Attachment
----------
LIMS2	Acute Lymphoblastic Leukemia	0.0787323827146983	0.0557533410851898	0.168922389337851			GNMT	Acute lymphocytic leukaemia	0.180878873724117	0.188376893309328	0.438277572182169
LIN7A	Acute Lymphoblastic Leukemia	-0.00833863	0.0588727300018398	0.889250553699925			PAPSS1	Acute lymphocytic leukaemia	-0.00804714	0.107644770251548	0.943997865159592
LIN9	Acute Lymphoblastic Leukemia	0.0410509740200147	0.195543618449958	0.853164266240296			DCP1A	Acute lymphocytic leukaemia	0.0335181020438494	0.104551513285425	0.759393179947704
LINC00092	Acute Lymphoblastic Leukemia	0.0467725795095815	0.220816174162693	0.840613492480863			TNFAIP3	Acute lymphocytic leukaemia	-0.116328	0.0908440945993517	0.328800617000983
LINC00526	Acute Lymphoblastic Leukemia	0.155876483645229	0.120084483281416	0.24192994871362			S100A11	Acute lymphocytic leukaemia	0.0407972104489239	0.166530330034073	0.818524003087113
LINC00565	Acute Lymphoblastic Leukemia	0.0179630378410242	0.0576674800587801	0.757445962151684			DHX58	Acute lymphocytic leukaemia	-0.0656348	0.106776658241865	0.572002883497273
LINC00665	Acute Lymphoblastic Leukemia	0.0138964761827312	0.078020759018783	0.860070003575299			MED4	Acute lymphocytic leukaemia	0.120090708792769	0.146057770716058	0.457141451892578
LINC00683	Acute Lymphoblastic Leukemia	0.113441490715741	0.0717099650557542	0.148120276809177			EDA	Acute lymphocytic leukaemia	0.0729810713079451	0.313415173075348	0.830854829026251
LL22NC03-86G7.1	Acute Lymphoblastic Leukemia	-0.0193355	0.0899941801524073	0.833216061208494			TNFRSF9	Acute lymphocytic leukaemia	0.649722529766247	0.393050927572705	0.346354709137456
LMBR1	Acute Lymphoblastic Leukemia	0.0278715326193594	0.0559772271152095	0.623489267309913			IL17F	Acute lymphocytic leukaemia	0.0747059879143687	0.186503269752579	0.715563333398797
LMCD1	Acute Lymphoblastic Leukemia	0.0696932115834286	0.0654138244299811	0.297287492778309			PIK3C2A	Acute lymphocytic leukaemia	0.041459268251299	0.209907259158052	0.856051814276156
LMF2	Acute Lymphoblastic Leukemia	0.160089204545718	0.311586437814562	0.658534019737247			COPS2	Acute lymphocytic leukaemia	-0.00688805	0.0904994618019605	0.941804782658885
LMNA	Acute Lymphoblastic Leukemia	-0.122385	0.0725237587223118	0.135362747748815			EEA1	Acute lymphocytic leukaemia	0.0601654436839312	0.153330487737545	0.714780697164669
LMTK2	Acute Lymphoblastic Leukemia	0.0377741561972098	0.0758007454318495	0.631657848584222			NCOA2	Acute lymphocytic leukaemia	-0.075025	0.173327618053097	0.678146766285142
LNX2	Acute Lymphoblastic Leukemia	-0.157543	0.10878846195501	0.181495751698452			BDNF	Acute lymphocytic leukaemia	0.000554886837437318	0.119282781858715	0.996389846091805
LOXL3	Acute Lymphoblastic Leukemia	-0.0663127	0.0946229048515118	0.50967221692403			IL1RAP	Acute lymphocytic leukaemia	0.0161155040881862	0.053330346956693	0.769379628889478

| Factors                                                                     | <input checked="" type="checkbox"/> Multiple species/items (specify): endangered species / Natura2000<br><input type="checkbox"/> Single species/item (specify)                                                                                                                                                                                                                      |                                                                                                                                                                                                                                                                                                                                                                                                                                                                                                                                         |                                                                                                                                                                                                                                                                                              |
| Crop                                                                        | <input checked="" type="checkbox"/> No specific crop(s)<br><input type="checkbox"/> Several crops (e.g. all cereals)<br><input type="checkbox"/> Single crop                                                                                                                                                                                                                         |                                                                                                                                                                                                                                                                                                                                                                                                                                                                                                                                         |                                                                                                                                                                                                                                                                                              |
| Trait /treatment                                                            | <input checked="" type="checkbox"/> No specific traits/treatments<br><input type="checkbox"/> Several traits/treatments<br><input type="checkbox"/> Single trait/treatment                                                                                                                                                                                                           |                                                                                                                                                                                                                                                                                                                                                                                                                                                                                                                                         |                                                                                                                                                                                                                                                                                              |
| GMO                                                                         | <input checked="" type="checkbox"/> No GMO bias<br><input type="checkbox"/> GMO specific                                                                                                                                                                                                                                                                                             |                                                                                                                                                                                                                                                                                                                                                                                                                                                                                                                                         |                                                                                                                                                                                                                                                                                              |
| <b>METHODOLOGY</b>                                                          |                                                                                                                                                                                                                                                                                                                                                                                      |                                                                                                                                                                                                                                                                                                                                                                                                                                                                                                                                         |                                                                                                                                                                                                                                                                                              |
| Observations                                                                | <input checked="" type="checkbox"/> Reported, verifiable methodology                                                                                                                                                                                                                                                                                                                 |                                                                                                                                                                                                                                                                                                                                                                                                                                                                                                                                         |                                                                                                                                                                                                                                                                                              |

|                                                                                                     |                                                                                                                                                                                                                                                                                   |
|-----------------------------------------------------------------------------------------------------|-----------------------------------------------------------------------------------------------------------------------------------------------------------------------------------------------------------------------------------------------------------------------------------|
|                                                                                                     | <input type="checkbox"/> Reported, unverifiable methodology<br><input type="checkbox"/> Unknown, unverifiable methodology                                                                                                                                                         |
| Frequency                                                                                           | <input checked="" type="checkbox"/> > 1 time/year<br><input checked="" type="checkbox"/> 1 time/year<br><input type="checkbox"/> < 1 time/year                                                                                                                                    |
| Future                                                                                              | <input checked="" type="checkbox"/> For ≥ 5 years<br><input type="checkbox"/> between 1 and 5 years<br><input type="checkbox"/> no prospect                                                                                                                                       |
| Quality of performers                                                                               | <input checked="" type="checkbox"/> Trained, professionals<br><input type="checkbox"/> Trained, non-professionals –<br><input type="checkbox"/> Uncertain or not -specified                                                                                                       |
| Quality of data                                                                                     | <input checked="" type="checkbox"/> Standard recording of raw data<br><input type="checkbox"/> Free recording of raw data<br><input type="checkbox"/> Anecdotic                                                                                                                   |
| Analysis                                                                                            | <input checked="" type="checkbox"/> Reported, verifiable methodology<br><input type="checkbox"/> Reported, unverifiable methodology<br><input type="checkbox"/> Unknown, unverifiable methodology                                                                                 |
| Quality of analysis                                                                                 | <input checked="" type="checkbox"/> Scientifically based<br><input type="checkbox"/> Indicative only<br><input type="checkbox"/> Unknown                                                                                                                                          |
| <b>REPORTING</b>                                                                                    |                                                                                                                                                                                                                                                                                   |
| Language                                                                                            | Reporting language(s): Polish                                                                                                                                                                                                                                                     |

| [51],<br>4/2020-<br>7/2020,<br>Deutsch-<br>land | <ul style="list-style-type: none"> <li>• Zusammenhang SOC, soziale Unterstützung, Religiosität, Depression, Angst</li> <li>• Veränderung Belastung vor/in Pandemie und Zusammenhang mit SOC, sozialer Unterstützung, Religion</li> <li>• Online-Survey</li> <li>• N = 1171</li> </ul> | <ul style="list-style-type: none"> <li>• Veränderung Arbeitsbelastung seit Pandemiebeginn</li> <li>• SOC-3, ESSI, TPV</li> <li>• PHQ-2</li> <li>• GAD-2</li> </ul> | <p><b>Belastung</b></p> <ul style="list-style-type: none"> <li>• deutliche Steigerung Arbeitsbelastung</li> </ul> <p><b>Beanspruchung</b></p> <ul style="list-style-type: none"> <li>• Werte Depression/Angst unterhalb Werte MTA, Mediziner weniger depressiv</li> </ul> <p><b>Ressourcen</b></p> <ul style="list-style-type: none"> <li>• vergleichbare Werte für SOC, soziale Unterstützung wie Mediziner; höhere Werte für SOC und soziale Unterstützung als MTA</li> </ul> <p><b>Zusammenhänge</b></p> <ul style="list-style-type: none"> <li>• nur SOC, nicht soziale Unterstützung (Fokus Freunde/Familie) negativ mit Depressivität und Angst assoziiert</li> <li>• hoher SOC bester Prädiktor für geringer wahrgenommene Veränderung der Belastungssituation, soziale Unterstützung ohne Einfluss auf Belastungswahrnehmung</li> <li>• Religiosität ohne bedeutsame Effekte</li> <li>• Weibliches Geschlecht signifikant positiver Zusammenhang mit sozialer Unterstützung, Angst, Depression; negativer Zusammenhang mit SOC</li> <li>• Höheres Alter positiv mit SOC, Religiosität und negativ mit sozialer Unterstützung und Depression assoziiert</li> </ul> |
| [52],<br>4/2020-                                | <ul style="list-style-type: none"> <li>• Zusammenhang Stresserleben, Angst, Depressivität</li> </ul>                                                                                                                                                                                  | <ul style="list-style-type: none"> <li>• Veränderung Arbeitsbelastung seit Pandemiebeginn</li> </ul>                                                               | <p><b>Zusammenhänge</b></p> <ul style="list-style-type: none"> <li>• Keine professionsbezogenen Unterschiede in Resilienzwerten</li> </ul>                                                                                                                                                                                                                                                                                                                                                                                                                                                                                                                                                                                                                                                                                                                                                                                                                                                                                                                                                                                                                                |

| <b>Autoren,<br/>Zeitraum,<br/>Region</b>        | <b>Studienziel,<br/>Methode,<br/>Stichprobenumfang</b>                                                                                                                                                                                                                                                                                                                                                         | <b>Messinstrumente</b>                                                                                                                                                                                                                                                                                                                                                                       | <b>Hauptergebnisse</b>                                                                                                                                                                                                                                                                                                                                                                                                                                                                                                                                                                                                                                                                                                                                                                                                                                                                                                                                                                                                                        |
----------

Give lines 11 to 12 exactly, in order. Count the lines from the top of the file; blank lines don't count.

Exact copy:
LMCD1	Acute Lymphoblastic Leukemia	0.0696932115834286	0.0654138244299811	0.297287492778309			PIK3C2A	Acute lymphocytic leukaemia	0.041459268251299	0.209907259158052	0.856051814276156
LMF2	Acute Lymphoblastic Leukemia	0.160089204545718	0.311586437814562	0.658534019737247			COPS2	Acute lymphocytic leukaemia	-0.00688805	0.0904994618019605	0.941804782658885